Making 'Minority Report' computer navigation a reality

Say good-bye to the mouse, says sci-fi movie's technical adviser, who's trying to make Tom Cruise-style hand gestures commonplace.

BOSTON--Remember the Minority Report scenes in which Tom Cruise and others use their hands to manipulate data on giant computer screens?

One man is on a mission to bring that gestural interface technology to every personal computer.

John Underkoffler, the founder and chief scientist of Oblong Industries, gave a talk called "Cinema, Science and Innovation" on Friday night at the Museum of Science here.

"The mouse has had a good run, but it's time to say good-bye," Underkoffler said.

His company has an operating system, based on human hand gesturing, that enables the user to explore in a 3D plane. The system responds to the pitch, roll and yaw movements that come naturally to the hand and works with cameras that track the positions of targets placed on gloves.

"We really want to get this on every desktop, and that's what we are going to focus on doing until we either go out of business or (until) the next plane trip you take, the woman sitting next to you opens up her laptop and starts doing this," said Underkoffler, gesturing with his hands.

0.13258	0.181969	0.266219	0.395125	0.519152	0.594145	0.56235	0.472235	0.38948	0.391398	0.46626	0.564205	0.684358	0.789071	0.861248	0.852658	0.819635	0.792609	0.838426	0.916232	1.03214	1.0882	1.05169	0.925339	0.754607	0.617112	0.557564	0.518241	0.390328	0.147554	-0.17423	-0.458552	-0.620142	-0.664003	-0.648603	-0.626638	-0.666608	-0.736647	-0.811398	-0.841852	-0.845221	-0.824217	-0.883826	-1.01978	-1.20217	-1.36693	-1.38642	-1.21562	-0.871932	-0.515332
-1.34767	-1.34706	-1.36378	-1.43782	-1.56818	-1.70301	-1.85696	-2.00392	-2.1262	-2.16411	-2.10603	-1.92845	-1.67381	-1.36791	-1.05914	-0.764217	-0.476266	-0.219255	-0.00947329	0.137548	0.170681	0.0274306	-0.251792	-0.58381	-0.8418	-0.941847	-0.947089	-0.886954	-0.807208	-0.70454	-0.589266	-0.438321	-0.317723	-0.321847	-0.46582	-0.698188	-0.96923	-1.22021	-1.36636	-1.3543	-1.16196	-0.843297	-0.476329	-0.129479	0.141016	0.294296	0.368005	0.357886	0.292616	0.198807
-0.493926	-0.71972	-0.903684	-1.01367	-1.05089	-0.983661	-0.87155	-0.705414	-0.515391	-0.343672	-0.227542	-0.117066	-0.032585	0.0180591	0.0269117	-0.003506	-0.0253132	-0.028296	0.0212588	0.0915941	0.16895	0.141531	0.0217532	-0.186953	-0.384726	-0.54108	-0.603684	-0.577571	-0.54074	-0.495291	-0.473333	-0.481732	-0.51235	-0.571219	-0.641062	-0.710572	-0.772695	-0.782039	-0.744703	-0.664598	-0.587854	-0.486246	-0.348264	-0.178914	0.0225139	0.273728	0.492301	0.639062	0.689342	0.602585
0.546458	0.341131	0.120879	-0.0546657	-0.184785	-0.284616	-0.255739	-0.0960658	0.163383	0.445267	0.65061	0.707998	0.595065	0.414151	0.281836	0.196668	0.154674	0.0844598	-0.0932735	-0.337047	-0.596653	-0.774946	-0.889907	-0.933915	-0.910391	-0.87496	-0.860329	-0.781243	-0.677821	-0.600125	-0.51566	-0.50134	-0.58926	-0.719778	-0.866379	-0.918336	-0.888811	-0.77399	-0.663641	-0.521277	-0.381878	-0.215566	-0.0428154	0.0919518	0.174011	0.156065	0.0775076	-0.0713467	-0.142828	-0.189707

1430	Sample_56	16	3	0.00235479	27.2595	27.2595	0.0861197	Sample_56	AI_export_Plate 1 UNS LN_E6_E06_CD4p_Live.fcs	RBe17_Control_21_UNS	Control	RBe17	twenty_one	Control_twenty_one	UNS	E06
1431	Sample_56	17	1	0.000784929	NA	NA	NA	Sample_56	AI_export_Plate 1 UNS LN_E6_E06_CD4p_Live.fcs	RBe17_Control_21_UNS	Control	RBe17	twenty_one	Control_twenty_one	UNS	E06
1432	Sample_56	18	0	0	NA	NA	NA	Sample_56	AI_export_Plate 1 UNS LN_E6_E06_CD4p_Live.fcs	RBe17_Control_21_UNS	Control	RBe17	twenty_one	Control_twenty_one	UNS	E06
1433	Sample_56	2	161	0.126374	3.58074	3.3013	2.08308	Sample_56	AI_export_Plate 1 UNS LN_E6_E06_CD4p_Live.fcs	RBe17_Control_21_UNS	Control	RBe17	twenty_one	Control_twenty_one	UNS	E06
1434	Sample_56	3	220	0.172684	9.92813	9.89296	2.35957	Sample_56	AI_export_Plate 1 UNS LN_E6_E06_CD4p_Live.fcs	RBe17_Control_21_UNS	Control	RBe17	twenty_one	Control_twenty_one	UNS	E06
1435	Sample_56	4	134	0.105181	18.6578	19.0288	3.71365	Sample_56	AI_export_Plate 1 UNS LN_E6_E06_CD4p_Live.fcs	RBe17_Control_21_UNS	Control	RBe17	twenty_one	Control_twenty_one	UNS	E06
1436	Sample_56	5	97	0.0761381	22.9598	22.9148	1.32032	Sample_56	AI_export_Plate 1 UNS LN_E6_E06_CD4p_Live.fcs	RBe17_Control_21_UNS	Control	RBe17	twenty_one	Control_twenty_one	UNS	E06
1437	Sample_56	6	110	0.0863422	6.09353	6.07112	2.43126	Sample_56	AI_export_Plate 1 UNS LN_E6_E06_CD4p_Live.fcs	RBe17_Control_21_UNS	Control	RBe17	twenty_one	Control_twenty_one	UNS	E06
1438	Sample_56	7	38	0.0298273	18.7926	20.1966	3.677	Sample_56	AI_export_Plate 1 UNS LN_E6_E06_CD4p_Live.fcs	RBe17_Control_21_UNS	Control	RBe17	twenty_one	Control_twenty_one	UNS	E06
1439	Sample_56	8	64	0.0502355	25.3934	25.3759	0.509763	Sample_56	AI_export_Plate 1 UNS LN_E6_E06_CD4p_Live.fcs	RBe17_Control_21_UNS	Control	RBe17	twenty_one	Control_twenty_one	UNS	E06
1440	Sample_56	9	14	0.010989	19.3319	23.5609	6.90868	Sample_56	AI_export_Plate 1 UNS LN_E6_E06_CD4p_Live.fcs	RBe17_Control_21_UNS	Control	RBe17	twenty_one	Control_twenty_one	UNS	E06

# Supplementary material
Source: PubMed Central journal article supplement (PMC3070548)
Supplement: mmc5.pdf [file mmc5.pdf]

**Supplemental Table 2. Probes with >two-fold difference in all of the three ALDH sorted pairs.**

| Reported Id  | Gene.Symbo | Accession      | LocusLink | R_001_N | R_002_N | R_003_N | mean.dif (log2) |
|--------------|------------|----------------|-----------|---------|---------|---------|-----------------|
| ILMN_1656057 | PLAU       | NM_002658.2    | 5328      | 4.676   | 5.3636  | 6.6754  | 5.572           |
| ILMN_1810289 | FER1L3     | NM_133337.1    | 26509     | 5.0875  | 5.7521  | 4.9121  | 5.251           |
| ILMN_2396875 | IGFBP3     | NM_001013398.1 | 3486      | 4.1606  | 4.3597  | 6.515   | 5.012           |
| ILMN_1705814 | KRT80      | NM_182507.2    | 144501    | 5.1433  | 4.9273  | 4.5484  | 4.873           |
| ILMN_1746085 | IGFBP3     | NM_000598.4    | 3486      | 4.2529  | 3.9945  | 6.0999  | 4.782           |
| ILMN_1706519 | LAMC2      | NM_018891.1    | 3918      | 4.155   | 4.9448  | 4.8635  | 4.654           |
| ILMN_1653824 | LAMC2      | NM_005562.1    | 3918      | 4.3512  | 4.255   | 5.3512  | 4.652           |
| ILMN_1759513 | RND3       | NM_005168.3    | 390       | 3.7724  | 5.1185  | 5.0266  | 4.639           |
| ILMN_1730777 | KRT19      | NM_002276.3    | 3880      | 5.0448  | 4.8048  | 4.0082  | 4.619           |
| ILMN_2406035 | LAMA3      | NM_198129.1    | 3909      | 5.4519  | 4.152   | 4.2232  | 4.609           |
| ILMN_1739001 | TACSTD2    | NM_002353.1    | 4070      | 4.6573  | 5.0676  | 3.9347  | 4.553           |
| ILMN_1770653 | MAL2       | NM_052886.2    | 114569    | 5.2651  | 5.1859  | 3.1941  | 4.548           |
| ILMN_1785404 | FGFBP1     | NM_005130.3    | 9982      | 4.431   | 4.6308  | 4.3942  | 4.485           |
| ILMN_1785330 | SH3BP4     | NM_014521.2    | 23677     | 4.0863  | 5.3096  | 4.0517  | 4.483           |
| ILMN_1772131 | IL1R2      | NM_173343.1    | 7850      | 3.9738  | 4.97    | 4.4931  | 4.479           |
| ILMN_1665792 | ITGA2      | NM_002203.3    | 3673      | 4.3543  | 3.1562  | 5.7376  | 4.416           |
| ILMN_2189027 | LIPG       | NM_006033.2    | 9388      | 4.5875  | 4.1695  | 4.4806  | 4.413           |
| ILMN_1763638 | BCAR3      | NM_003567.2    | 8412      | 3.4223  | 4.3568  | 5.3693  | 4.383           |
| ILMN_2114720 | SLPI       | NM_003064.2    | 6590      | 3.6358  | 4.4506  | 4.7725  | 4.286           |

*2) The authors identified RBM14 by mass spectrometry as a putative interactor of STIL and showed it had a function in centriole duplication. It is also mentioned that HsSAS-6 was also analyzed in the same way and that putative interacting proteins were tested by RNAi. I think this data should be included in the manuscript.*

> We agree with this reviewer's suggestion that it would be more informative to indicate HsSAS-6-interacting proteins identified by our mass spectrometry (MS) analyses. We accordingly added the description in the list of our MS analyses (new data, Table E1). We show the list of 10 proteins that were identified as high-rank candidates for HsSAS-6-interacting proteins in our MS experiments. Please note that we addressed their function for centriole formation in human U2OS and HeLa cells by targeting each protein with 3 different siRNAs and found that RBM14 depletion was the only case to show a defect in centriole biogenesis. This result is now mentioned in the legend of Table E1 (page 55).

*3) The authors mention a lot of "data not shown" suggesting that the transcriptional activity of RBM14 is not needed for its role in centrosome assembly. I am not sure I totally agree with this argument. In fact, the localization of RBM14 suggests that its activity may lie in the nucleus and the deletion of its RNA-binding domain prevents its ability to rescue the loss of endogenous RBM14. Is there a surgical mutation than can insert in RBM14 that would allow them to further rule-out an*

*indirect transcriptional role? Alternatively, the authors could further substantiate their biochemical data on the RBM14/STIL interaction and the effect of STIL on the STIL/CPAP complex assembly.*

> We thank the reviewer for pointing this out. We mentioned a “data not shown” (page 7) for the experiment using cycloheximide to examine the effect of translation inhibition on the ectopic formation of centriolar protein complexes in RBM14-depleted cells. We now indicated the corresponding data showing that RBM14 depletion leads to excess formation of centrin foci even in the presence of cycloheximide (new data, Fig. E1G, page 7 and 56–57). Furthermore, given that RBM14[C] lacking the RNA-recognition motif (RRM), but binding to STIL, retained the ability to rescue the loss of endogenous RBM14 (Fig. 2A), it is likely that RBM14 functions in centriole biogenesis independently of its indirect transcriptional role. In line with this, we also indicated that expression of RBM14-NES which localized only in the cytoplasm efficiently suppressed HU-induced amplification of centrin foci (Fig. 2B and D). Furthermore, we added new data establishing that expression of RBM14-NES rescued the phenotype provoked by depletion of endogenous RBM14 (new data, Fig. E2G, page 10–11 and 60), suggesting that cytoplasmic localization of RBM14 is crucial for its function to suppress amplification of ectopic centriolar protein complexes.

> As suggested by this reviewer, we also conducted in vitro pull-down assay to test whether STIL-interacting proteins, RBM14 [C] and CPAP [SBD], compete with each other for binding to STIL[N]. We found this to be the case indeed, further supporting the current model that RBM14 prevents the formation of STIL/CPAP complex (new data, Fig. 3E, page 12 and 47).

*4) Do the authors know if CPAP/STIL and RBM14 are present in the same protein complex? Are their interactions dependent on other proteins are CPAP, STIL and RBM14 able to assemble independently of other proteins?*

Underkoffler was inspired by his work as the science and technology adviser to Steven Spielberg for the film Minority Report. The team created the futuristic Washington headquarters portrayed in the film. When it came to the gestural interface, the production team's research and development came just shy of actually building it, according to Underkoffler.

"What had started in an academic environment passed through the Hollywood environment and back. Which means it's just like the movie, but it really works--which is really better," he said.

Famed Massachusetts Institute of Technology professor Bill Mitchell, director of the Media Lab's Smart Cities research group and Underkoffler's mentor, said he is not surprised at Underkoffler's progress.

"Of everyone I know, John has the most profound understanding of how imaginative projectionism of the future in film affects real-life expectations of the future," Mitchell said as he introduced the Oblong founder, who received his Ph.D. from MIT .

"Sometimes the filmmakers--the science fiction writers--imagine stuff before the engineers do, and there is a feedback loop between fiction and science that seems to be influencing each other," Underkoffler said.

Oblong could create applications for air traffic control or for groups visually disseminating large and complicated data sets . Microsoft has also been experimenting with gestural interface through its TouchLight technology .

About the author

In a software-driven world, it's easy to forget about the nuts and bolts. Whether it's cars, robots, personal gadgetry or industrial machines, Candace Lombardi examines the moving parts that keep our world rotating. A journalist who divides her time between the United States and the United Kingdom, Lombardi has written about technology for the sites of The New York Times, CNET, USA Today, MSN, ZDNet, Silicon.com, and GameSpot. She is a member of the CNET Blog Network and is not a current employee of CNET.

 

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